considered thinking to happen in two ways: productive and reproductive.
Productive thinking is solving a problem with insight.
This is a quick insightful unplanned response to situations and environmental interaction.
Reproductive thinking is solving a problem with previous experiences and what is already
This is a very common thinking. For example, when a person is given several segments of
information, he/she deliberately examines the relationships among its parts, analyzes their
purpose, concept, and totality, he/she reaches the "aha!" moment, using what is already known.
Understanding in this case happens intentionally by reproductive thinking.
Another gestalt psychologist, Perkins, believes insight deals with three processes:
1. Unconscious leap in thinking.
2. The increased amount of speed in mental processing.
3. The amount of short-circuiting that occurs in normal reasoning.
Views going against the gestalt psychology are:
1. Nothing-special view
2. Neo-gestalt view
3. The Three-Process View
Gestalt psychology should not be confused with the gestalt therapy of Fritz Perls, which is only
peripherally linked to gestalt psychology. A strictly gestalt psychology-based therapeutic method
is Gestalt Theoretical Psychotherapy, developed by the German gestalt psychologist and
psychotherapist Hans-Jürgen Walter.
Fuzzy-trace theory, a dual process model of memory and reasoning, was also derived from
Gestalt Psychology. Fuzzy-trace theory posits that we encode information into two separate
traces: verbatim and gist. Information stored in verbatim is exact memory for detail (the
individual parts of a pattern, for example) while information stored in gist is semantic and
conceptual (what we perceive the pattern to be). The effects seen in Gestalt psychology can be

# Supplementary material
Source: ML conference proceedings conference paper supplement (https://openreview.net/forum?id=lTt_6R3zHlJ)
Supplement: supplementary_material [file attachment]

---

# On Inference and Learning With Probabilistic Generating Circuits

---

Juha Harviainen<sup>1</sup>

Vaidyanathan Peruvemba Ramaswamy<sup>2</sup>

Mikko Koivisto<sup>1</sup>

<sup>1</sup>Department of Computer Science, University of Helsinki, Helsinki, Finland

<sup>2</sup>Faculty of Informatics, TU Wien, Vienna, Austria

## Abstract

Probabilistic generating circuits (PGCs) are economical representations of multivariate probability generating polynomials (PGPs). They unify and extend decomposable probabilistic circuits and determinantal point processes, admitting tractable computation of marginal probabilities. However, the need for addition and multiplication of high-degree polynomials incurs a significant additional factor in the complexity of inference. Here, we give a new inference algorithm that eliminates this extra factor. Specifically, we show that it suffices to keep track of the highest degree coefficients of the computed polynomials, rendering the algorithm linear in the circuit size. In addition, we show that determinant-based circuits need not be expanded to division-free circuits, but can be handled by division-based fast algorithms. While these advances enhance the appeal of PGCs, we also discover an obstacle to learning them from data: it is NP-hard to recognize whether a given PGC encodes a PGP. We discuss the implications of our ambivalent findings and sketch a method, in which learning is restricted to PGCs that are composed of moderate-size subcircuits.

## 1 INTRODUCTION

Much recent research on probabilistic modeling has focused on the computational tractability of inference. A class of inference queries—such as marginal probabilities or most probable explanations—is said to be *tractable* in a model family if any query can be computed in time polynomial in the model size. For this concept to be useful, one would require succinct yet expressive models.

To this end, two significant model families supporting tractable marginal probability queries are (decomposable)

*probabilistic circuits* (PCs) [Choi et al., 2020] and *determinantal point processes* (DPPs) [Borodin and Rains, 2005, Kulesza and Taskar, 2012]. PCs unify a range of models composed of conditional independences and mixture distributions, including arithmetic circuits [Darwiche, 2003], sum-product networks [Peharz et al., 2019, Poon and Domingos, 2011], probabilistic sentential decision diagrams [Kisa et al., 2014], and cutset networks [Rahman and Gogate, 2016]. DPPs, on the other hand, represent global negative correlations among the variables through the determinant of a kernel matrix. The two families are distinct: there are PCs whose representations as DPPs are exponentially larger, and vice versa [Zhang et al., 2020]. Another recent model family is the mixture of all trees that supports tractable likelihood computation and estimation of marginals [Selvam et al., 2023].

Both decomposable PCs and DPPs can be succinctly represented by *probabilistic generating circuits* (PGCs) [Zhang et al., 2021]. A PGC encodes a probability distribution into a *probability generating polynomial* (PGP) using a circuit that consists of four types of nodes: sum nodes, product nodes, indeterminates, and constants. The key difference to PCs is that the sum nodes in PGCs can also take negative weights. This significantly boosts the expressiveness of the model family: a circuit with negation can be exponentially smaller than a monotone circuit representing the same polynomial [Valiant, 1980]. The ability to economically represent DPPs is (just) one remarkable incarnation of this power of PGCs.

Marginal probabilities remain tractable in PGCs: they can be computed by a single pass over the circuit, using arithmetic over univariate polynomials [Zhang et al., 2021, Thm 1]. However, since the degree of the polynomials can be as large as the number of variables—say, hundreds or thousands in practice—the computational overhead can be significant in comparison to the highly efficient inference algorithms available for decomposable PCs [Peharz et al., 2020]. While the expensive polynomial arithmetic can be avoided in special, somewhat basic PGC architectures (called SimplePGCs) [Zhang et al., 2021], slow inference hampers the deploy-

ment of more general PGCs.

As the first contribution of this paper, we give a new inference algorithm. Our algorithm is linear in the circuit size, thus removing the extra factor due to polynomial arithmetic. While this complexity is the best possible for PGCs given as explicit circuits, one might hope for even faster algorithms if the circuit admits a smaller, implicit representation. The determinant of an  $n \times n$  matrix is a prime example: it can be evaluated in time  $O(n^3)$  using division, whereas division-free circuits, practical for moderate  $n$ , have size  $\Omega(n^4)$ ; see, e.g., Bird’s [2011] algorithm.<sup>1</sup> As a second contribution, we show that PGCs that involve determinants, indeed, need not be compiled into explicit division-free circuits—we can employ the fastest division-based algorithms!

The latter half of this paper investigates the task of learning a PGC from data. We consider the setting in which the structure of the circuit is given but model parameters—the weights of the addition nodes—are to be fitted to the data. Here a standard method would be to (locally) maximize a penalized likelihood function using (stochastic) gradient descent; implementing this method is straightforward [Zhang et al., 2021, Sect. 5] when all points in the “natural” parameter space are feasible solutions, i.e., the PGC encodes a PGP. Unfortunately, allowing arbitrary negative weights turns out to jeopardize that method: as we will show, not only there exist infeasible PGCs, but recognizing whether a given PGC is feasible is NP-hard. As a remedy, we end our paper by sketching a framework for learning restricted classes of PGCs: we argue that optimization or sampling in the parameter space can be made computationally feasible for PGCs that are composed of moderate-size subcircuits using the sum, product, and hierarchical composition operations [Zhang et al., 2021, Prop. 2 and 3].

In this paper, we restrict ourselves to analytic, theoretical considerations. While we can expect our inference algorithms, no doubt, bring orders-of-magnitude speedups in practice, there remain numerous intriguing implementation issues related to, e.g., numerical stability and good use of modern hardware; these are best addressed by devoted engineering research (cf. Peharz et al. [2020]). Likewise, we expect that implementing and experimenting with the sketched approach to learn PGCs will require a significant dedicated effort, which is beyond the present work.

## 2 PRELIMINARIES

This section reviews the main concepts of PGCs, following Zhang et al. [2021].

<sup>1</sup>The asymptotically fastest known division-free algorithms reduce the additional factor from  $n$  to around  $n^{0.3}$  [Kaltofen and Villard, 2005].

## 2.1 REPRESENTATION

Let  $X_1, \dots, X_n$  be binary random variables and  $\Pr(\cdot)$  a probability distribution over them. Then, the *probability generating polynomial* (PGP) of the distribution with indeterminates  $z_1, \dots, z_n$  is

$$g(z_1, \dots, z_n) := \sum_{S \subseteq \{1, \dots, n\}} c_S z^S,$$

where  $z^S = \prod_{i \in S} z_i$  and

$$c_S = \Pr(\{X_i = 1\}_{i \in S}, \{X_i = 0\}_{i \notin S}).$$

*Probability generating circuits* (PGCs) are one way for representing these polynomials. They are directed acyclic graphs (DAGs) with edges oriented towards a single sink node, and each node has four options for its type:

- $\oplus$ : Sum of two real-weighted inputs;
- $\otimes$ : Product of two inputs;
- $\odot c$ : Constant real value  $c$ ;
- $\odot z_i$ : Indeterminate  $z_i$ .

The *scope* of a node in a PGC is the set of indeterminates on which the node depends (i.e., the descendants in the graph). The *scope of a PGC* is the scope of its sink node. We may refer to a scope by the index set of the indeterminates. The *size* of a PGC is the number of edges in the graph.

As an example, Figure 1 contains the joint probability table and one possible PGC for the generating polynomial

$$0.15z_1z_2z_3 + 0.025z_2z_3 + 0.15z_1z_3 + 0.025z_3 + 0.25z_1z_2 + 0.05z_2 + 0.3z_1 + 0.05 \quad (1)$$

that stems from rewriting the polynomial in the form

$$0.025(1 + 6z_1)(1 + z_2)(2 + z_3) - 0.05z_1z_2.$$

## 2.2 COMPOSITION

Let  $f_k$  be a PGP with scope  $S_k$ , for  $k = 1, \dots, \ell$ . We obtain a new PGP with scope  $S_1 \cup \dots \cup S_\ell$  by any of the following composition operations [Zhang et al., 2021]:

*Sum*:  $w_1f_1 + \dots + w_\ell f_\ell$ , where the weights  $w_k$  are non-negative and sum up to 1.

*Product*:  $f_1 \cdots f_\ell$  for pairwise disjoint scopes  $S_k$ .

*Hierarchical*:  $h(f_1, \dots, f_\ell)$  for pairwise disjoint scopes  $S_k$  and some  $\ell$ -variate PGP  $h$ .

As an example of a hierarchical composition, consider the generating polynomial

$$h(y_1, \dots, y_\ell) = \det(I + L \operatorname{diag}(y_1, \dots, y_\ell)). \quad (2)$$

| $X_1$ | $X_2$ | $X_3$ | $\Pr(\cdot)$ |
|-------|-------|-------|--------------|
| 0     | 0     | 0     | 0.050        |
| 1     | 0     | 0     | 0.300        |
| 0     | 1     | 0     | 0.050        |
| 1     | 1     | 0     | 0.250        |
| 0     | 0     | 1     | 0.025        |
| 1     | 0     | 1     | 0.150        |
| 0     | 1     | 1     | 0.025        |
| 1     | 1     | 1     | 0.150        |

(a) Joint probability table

attributed to the way we encode information as gist.
Uses in human–computer interaction
The gestalt laws are used in user interface design. The laws of similarity and proximity can, for
example, be used as guides for placing radio buttons. They may also be used in designing
computers and software for more intuitive human use. Examples include the design and layout of
a desktop's shortcuts in rows and columns. Gestalt psychology also has applications in computer
vision for trying to make computers "see" the same things as humans do.
James J. Gibson was a Gestalt Psychologist who focused on vision, and what he termed
ecological perception. He also coined the term affordance, which has been productive of various
human factors and usability research.
Quantum cognition modeling
Main article: Quantum cognition#Modeling of Gestalt perception
Similarities between Gestalt phenomena and quantum mechanics have been pointed out, among
others, by chemist Anton Amann, who commented that "similarities between Gestalt perception
and quantum mechanics are on a level of a parable" yet may give useful insight nonetheless.
Physicist Elio Conte and co-workers have proposed abstract, mathematical models to describe
the time dynamics of cognitive associations with mathematical tools borrowed from quantum
mechanics and has discussed psychology experiments in this context. A similar approach
has been suggested by physicists David Bohm, Basil Hiley and philosopher Paavo Pylkkänen
with the notion that mind and matter both emerge from an "implicate order". The models
involve non-commutative mathematics; such models account for situations in which the outcome
of two measurements performed one after the other can depend on the order in which they are
performed—a pertinent feature for psychological processes, as it is obvious that an experiment
performed on a conscious person may influencing the outcome of a subsequent experiment by
changing the state of mind of that person.
In some scholarly communities, such as cognitive psychology and computational neuroscience,
gestalt theories of perception are criticized for being descriptive rather than explanatory in
nature. For this reason, they are viewed by some as redundant or uninformative. For example,
Bruce, Green & Georgeson conclude the following regarding gestalt theory's influence on the
study of visual perception:
The physiological theory of the gestaltists has fallen by the wayside, leaving us with a set
of descriptive principles, but without a model of perceptual processing. Indeed, some of
their "laws" of perceptual organisation today sound vague and inadequate. What is meant
by a "good" or "simple" sh